Children join Kindergarten at three years old and remain for three to four years. It is usually the child’s first experience of being in a bigger group of children without their parents. Kindergarten children are moving from flux to form whilst the outer physical body grows and the inner organs develop. The children (though naturally of a dreamy nature) become more conscious of themselves and their world, and begin to grow down to earth and into their bodies. The unconscious will forces develop into conscious will. More specifically the aims during this period are:

  • The 3-year-old settles into the group establishing rhythm (willing). The child is reliant upon the adults around them, from which they are not yet separated. They are spatially unaware, dreamy, egocentric and have no boundaries relating to the world in a physical way.
  • The 4-year-old lives in the rhythm of the Kindergarten developing social play/fantasy (feeling). The child gains greater security from rhythm and develops more social connections in play. Movement is fostered through play and creative discipline becomes effective.
  • The 5 to 6-year-old establishes social skills, school readiness (thinking) and a greater consciousness alongside a separation from the etheric. Gross and fine motor skills increase as does planned play and organised, pre-conceived, ideas.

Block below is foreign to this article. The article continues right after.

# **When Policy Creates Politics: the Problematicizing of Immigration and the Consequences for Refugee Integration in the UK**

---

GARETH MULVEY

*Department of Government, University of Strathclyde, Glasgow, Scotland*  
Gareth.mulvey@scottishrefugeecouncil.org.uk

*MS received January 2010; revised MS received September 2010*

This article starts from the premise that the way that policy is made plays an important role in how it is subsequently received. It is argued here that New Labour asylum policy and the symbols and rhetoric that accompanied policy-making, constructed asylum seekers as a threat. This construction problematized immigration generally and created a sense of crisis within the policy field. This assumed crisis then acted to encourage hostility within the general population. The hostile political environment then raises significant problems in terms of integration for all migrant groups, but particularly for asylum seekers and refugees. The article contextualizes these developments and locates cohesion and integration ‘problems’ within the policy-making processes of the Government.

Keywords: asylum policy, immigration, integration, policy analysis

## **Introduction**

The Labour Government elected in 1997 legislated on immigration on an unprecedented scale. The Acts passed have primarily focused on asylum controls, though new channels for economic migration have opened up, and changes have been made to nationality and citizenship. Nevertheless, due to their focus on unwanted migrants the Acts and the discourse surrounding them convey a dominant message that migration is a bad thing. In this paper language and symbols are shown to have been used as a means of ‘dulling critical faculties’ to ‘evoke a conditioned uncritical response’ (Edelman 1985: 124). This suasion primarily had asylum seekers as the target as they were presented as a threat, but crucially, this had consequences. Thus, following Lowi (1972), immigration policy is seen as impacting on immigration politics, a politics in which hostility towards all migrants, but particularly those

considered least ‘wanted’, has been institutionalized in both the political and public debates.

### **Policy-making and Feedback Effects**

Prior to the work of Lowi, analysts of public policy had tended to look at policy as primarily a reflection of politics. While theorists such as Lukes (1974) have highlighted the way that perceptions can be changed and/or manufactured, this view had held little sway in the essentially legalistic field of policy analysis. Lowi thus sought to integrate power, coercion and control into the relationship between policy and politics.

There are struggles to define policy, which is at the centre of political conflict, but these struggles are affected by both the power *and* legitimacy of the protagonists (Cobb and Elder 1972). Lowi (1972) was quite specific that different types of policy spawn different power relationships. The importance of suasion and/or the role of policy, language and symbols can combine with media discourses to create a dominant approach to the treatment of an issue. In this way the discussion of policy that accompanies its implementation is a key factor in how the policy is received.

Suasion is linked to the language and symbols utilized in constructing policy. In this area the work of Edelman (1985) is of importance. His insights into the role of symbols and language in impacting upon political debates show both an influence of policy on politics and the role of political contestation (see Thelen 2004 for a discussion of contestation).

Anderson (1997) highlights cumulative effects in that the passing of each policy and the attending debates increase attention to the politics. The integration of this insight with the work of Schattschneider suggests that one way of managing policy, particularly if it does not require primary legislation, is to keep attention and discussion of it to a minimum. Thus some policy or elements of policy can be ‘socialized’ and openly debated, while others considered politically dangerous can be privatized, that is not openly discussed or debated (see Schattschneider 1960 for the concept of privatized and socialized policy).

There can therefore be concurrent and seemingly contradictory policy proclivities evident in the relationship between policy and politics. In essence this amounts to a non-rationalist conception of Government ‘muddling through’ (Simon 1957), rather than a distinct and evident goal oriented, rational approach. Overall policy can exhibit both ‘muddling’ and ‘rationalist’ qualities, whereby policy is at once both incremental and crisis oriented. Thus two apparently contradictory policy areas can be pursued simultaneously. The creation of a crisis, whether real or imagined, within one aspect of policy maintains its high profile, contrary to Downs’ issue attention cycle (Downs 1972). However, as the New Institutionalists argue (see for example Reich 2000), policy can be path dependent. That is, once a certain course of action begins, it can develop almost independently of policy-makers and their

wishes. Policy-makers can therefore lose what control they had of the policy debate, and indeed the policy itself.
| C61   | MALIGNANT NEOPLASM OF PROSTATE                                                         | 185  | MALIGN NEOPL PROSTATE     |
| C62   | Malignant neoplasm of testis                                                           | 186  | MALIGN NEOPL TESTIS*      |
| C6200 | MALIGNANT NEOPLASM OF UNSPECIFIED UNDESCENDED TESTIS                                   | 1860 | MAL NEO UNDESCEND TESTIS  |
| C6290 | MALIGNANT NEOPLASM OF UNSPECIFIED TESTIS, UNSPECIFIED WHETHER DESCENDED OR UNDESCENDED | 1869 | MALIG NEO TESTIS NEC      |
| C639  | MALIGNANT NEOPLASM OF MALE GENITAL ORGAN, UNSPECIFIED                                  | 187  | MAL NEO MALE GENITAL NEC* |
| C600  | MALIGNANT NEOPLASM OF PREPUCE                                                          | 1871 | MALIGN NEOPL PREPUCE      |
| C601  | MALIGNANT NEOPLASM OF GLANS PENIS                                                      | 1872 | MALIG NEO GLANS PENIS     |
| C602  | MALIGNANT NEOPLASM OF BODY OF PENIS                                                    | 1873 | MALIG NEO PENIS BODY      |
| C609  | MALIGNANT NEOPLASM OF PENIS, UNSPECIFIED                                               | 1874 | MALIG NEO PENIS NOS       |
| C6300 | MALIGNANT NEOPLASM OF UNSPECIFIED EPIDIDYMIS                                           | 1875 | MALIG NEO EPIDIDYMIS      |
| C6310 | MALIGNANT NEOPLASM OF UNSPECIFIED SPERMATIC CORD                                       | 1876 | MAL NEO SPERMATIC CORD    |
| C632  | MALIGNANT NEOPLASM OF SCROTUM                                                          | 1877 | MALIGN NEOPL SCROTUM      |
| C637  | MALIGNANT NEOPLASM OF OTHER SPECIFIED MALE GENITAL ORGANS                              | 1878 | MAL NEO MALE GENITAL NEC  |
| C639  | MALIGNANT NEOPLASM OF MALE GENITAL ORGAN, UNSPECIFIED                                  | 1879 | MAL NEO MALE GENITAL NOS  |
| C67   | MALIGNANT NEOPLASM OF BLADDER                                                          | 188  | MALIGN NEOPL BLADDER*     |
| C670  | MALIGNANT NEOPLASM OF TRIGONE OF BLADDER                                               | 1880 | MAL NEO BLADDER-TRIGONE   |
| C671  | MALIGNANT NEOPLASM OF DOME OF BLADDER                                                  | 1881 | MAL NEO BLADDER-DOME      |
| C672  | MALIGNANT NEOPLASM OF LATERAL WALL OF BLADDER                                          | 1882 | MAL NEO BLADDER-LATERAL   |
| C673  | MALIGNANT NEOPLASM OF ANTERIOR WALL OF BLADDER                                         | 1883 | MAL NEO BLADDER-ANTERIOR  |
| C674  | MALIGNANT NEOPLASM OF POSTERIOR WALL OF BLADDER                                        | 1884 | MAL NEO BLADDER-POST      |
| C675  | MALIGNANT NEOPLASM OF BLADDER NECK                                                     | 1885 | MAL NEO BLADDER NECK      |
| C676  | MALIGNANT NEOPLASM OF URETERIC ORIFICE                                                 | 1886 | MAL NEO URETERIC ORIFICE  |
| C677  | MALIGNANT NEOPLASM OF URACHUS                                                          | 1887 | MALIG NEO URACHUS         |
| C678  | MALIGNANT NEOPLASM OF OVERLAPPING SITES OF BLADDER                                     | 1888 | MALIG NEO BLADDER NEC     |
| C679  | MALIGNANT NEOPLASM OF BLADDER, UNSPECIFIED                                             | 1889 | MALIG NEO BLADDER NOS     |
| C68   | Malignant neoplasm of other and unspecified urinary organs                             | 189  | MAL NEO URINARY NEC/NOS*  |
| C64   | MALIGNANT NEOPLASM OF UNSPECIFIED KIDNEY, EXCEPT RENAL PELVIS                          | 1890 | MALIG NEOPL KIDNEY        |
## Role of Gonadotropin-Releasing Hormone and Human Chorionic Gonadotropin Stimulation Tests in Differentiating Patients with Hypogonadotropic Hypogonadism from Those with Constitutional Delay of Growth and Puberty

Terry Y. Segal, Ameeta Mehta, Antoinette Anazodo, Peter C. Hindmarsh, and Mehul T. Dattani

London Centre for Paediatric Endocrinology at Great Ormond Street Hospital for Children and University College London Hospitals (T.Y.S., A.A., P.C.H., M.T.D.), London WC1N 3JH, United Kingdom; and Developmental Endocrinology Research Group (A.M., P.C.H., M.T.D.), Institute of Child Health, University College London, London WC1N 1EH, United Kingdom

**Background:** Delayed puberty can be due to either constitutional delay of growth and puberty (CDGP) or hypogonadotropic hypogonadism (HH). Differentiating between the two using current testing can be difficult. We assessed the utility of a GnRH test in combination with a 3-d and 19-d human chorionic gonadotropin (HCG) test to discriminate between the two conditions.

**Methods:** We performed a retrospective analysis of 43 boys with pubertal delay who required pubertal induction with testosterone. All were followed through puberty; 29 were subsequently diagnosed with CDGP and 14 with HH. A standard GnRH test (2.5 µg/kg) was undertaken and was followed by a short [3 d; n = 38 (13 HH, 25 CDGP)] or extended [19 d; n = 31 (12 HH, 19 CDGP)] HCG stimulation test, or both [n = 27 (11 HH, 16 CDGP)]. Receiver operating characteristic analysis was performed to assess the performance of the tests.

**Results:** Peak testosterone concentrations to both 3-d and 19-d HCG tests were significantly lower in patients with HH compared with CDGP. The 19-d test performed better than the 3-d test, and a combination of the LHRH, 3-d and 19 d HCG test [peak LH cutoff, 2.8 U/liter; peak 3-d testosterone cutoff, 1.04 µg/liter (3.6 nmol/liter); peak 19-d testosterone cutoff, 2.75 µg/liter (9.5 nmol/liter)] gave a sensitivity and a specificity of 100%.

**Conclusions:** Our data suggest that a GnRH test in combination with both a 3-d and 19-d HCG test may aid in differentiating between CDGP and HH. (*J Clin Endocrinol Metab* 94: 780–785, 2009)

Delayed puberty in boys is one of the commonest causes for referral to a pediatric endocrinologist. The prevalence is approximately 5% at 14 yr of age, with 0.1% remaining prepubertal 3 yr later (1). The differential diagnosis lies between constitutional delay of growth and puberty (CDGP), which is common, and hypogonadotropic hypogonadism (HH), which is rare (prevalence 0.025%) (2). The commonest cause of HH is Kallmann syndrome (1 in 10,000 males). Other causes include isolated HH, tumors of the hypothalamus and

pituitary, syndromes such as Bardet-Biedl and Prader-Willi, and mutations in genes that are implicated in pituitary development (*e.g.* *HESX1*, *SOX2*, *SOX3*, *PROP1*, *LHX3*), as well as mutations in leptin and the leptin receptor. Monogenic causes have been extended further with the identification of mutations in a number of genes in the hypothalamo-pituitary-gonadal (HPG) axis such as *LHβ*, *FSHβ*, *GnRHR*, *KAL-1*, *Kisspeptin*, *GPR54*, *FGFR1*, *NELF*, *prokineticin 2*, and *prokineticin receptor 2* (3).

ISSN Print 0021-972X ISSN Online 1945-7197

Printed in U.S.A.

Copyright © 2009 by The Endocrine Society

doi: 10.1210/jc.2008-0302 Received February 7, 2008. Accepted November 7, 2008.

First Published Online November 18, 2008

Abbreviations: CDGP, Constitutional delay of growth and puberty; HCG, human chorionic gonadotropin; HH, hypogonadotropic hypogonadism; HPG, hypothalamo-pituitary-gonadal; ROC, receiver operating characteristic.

Throughout the time in Kindergarten a child’s development can be expressed in the following ways:

  • In drawing, one sees movement from chaos to form. The 3-year-old’s unfocused scribbles become the 6-year-old’s detailed rich representation of the surrounding world.
  • In movement, the simple acts of putting on slippers challenges the 3 year old but, by contrast, the challenges to the 6-year-old become skipping, climbing, and running with skill and agility.
  • The 3-year-old’s play (that finds him/her next to but not necessarily playing with another), slowly becomes the rich and limitless play of the social 5-year-old. The child is then fully active and using strong imagination to transform any unformed play thing into what they wish. By the age of 6, creative play becomes inner fantasy: the ‘me’ becomes ‘us’ and ‘I’ becomes ‘we’.
  • In language, the 3 year old plays with sounds and words somewhat unconsciously but as they approach the age of 6 they consciously begin to rhyme and play with words and sounds. Vocabulary, alliteration and understanding develop over this time and by age 5, children can sing in tune.

Within the daily and weekly rhythm, the Kindergarten activities include:

  • Care for the environment through purposeful activity (e.g. cooking, baking, gardening, and cleaning).
  • Fostering children’s play (unformed, natural toys allowing free-flowing imagination).
  • Ringtime – where seasonal content develops differentiated language, social development, fine and gross motor skills and movement.
  • Outdoors - creative play strengthens and nourishes the physical body.
  • Snack time – the senses are cared for and nourished and children experience social understanding through eating together and reverence through lighting the candle.
  • Repetitive stories and fairy tales nurture concentration and listening skills.
  • Observation of adults engaging in meaningful tasks develops the will.